E.g. Fazioli.
Student comments on The Digital Concert Pianist: How new digital norms challenge our traditional views of craftsmanship
Thanks Laura for this piece! As a pianist, it is heart-breaking to know that the value of Steinway is diminishing with the rise of the digital era. We have already seen other brands disappear or change completely because of the market (e.g. Baldwin stopped all production and moved their entire manufacturing to China). You raise a lot of good options that Steinway should consider, yet there is one that I’d like to also suggest. Yamaha and other such brands already have a huge advantage in the digital instrument market. They target the mid- to lower-scale clients and the value proposition they sell is entirely different to Steinway. Personally, I don’t think Steinway has a shot in that market. With that said, I think that the value of a Steinway will still be appreciated by a (diminishing, but still present) small subset of buyers. As such, I would suggest Steinway remain the brand that it is. It should, instead, start producing digital instruments targeted at a different market under a different brand. This would allow the Steinway name to maintain its brand image and brand value, and also opens the overall company to a larger market.
Great article, Laura! I am also a pianist who has both a grand piano and a Yamaha electric piano. I had to switch to the Yamaha electric piano when I moved out of my parents’ home when I started college and into apartments / dorms for the last 10 years. After graduating from college, I tried to take piano lessons using my Yamaha electric piano, but it simply did not work out well. While there has certainly been improvements to the Yamaha pianos, the depth and complexity of an acoustic instrument just cannot be 100% duplicated. Real pianos are very complex and fragile instruments, requiring tuning even when moved across a concert hall. Moreover, even the humidity can change the sound and in my experience, the mechanics of very soft sounds such as staccato on ppp are not completely the same. While that may bode well for beginners or those who cannot live in a large enough space for a grand piano, I think for concert pianists or competitive players, there will always be a niche market for handcrafted goods like Steinways. If I were Steinway, I would therefore just dominate that niche (along with others such as Bosendorfer or Petrof) and not try to move into the lower end electronic market, which may even dilute the brand value.
Hey Laura, very interesting article. It is fascinating to think about incredible brands such as Steinway whose product has been built pretty much the same way for decades. The very source of a Steinway’s value (its hand built craftsmanship) would be wiped out by any decision to modernize or digitize their product.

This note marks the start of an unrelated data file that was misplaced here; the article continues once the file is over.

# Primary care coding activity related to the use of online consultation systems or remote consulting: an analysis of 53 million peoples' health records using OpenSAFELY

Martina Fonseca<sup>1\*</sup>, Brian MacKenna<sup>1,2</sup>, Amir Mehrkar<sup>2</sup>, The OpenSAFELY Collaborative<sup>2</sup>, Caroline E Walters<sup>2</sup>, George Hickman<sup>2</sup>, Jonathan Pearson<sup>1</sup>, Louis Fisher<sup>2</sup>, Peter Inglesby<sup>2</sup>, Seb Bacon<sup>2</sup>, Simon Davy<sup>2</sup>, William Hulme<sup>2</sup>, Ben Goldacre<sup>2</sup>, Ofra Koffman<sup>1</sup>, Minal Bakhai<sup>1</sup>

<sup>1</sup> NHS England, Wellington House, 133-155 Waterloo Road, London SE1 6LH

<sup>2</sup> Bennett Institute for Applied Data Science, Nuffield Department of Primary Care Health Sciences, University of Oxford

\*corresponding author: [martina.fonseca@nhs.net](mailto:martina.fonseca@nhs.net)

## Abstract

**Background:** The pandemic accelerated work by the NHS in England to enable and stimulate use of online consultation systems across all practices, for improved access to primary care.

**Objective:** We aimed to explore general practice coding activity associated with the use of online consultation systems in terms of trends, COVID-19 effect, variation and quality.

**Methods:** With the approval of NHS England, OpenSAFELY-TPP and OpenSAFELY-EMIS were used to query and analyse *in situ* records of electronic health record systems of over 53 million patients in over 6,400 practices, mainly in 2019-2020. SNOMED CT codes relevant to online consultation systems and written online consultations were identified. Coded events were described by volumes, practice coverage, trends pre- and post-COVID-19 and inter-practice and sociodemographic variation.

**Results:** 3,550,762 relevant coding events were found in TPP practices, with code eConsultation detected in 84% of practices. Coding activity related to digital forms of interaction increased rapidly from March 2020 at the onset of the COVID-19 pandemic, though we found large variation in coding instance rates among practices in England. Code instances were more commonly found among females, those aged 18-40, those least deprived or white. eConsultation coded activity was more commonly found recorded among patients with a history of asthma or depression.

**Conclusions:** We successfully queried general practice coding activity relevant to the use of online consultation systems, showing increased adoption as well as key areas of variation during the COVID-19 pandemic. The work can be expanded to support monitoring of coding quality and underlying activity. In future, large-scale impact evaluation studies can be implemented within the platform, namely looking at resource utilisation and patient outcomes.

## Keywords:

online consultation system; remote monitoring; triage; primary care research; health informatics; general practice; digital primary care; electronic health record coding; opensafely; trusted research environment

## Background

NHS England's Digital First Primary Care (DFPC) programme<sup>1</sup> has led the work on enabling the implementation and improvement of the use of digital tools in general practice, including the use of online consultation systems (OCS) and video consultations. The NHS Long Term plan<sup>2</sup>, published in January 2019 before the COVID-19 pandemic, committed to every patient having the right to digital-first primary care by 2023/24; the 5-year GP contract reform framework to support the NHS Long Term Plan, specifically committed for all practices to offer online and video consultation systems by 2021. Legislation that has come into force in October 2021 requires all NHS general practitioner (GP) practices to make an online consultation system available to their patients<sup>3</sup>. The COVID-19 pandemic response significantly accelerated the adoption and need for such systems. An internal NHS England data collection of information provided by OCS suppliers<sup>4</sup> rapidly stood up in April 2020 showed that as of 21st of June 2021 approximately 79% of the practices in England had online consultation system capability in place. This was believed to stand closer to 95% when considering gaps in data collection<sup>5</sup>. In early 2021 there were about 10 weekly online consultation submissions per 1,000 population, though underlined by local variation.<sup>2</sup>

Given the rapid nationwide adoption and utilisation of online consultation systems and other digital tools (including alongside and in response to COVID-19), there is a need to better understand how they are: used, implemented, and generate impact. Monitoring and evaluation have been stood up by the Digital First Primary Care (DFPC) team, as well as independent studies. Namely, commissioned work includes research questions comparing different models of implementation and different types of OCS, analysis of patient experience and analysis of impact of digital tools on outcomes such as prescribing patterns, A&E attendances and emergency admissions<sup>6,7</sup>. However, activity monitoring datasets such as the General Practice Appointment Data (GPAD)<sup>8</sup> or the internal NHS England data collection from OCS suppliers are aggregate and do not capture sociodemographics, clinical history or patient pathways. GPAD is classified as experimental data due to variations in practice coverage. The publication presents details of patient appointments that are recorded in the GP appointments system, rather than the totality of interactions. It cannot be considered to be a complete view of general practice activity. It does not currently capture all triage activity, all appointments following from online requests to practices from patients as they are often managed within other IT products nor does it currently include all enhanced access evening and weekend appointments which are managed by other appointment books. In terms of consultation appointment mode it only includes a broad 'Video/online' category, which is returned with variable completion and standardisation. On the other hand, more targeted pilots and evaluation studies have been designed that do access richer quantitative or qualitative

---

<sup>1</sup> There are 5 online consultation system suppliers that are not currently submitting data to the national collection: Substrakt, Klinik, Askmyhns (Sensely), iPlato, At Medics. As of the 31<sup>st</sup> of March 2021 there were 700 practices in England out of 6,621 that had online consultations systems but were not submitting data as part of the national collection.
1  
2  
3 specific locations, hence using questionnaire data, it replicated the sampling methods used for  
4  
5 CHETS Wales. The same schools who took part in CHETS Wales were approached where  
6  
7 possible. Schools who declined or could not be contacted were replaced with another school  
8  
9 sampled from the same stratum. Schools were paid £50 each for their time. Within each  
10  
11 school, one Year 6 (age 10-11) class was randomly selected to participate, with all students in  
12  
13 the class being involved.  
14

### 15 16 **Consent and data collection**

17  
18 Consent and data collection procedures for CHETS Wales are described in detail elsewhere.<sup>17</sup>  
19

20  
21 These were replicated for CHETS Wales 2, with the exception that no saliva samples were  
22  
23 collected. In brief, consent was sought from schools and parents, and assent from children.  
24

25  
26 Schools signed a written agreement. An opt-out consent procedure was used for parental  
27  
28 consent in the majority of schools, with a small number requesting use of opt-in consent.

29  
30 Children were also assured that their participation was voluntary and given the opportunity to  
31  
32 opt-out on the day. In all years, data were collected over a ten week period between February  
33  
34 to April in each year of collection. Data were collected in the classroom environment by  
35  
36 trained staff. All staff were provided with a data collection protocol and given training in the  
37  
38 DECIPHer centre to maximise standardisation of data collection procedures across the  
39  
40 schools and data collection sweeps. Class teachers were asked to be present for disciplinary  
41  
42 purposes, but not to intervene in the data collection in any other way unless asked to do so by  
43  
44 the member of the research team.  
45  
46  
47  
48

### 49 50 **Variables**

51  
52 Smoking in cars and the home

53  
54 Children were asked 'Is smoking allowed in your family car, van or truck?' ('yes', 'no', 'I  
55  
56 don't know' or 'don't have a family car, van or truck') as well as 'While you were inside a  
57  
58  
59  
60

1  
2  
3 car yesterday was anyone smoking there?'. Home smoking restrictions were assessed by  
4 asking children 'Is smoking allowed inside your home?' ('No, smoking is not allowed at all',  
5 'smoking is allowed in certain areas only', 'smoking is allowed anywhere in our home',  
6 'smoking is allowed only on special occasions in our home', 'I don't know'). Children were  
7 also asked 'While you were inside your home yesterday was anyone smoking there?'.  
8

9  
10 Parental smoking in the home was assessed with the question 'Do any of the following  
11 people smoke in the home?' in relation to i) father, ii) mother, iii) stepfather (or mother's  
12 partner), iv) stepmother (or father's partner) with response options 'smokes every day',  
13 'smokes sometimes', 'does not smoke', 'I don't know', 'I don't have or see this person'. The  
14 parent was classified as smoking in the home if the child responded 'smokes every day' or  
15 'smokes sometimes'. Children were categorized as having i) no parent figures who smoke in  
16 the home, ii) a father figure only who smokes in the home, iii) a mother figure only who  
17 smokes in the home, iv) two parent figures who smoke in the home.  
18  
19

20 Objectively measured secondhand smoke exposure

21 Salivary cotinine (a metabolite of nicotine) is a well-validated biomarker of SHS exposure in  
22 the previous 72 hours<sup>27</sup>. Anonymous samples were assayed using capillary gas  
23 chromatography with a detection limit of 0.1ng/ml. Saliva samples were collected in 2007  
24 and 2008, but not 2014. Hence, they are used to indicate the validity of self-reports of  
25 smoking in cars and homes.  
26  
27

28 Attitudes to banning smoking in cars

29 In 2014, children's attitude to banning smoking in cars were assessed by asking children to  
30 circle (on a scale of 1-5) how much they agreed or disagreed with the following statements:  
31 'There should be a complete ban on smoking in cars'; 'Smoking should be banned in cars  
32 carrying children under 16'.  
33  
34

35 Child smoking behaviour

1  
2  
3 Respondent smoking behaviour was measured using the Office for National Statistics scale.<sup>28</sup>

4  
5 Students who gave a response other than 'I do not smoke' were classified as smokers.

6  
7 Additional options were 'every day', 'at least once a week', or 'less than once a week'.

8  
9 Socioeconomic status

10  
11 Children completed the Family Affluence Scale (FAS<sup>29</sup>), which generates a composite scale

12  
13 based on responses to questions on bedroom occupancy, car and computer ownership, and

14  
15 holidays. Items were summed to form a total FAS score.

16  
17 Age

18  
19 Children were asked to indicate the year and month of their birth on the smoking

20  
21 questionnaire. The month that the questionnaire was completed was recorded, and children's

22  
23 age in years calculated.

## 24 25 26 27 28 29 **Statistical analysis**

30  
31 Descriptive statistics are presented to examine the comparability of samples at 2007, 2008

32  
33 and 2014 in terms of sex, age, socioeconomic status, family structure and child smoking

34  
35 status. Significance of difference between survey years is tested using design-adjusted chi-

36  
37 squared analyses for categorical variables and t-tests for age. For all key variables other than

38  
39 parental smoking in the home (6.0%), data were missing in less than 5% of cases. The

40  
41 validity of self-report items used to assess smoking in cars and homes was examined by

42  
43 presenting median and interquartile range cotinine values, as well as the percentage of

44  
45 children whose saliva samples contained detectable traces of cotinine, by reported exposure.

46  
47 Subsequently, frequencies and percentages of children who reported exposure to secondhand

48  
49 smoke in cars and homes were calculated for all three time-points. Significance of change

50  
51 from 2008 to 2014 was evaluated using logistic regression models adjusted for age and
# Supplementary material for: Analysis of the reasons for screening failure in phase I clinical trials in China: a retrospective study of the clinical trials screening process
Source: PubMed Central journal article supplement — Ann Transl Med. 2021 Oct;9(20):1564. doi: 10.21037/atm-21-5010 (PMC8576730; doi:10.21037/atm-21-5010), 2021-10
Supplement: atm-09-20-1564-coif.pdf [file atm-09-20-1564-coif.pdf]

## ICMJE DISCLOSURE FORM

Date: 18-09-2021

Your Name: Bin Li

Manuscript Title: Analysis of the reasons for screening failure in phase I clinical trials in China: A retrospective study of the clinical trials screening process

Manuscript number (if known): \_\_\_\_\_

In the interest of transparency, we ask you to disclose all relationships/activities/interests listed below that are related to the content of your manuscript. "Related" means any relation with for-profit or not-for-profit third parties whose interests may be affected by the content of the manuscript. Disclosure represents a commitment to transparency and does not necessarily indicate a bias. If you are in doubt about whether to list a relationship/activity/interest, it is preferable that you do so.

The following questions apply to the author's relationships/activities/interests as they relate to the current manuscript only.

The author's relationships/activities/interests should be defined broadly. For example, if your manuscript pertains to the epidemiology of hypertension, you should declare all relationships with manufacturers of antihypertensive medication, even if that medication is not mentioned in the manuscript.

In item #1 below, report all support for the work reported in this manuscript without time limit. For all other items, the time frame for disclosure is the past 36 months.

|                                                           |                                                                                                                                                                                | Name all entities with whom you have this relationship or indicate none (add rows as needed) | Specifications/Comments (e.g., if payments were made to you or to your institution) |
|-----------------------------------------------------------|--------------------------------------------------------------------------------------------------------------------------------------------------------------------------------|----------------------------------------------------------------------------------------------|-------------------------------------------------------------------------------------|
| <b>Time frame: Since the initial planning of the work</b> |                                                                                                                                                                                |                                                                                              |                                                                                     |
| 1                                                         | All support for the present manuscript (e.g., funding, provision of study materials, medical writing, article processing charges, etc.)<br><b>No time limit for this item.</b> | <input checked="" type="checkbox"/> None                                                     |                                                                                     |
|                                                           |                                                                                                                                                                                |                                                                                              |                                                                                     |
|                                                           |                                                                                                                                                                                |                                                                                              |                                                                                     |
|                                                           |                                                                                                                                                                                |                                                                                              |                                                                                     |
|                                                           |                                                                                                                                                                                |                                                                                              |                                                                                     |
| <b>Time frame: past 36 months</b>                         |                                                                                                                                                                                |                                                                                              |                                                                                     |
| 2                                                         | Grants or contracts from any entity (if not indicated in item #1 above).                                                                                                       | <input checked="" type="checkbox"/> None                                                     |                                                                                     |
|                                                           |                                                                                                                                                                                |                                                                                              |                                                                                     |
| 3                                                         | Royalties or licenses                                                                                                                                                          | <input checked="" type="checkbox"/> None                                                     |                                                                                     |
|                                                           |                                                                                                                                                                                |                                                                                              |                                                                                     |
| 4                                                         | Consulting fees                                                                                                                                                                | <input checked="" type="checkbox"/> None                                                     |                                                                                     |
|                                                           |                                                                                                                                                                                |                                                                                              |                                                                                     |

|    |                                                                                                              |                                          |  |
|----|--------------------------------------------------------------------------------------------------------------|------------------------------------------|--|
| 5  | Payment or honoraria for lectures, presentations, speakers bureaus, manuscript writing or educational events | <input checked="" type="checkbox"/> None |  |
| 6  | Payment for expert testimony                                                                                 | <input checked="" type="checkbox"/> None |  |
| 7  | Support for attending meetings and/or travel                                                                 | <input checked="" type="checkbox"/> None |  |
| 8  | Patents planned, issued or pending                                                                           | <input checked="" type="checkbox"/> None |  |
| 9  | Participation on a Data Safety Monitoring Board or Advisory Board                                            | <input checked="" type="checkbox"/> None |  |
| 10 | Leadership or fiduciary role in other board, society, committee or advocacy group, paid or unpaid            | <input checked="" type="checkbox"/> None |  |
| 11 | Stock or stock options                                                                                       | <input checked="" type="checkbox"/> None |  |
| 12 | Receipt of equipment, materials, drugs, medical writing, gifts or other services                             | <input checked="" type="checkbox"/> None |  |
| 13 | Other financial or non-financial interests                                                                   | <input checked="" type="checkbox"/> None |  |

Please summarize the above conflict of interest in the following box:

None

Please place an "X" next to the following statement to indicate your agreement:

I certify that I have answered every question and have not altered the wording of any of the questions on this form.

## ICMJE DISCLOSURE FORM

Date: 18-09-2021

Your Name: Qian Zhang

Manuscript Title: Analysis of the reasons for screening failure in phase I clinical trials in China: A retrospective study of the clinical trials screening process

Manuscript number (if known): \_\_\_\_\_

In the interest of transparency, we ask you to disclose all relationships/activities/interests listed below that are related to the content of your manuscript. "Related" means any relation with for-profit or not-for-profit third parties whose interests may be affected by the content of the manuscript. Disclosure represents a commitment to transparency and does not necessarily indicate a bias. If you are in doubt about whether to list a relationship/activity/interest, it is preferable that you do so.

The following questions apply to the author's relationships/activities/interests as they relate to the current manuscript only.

I think that they should resist any urges to develop digital pianos. In my opinion, it is going to be a race to the bottom for digital instruments. Sources of differentiation between one digital instrument and another will only disappear as technology progresses – leaving very little hope for long term pricing and margin.
Perhaps they can pursue digital initiatives in a different way? Maybe they can bring Steinways to public places and film musicians playing the instruments for the first time? Some of these videos could go viral and there could be strong digital engagement with the brand, while maintaining the non-digital craftsmanship of the product.
An additional part of the story here is that Steinway is currently owned by the hedge fund, Paulson & Co. Whether these owners will be good stewards of the brand or overly focused on short term profits remains to be seen.
Interesting post, Laura! I’m saddened by diminishing value of Steinways in the face of digital technology. Digitalization has democratized the piano by dramatically decreasing the purchase price. Unlike my peers, I think Steinway should adapt its model and go digital. This could be in ancillary products like digital auto-tuners or in combining hardware and software as they have already begun. To protect the Steinway brand, I would suggest they rebrand their digital products as “___ by Steinway” to protect their brand integrity.
Great post Laura! This one I’m really torn on though. On one hand, I agree with Smitha that they likely need to go digital as I believe we will slowly not be able to differentiate between a handcrafted Steinway and a well coded and assembled digital machine, which is an impressive feat; but on the other hand, like others posting here, I find that extremely sad. The only way I could see them staying out of digital is if somehow the “artisan” culture of today that appreciates vinyl records and craft beer breeds a sustainable segment of the population that will always want an analog hand made solution where possible. If however that is just a temporary fad, I fear that the Steinway will be something for museums in the future. We’ll be sitting in our rocking chairs lamenting how they don’t make pianos how they used to, and our grandchildren will be wondering why we are so old fashioned and why we would ever want something more expensive and space consuming that creates more or less the same sound.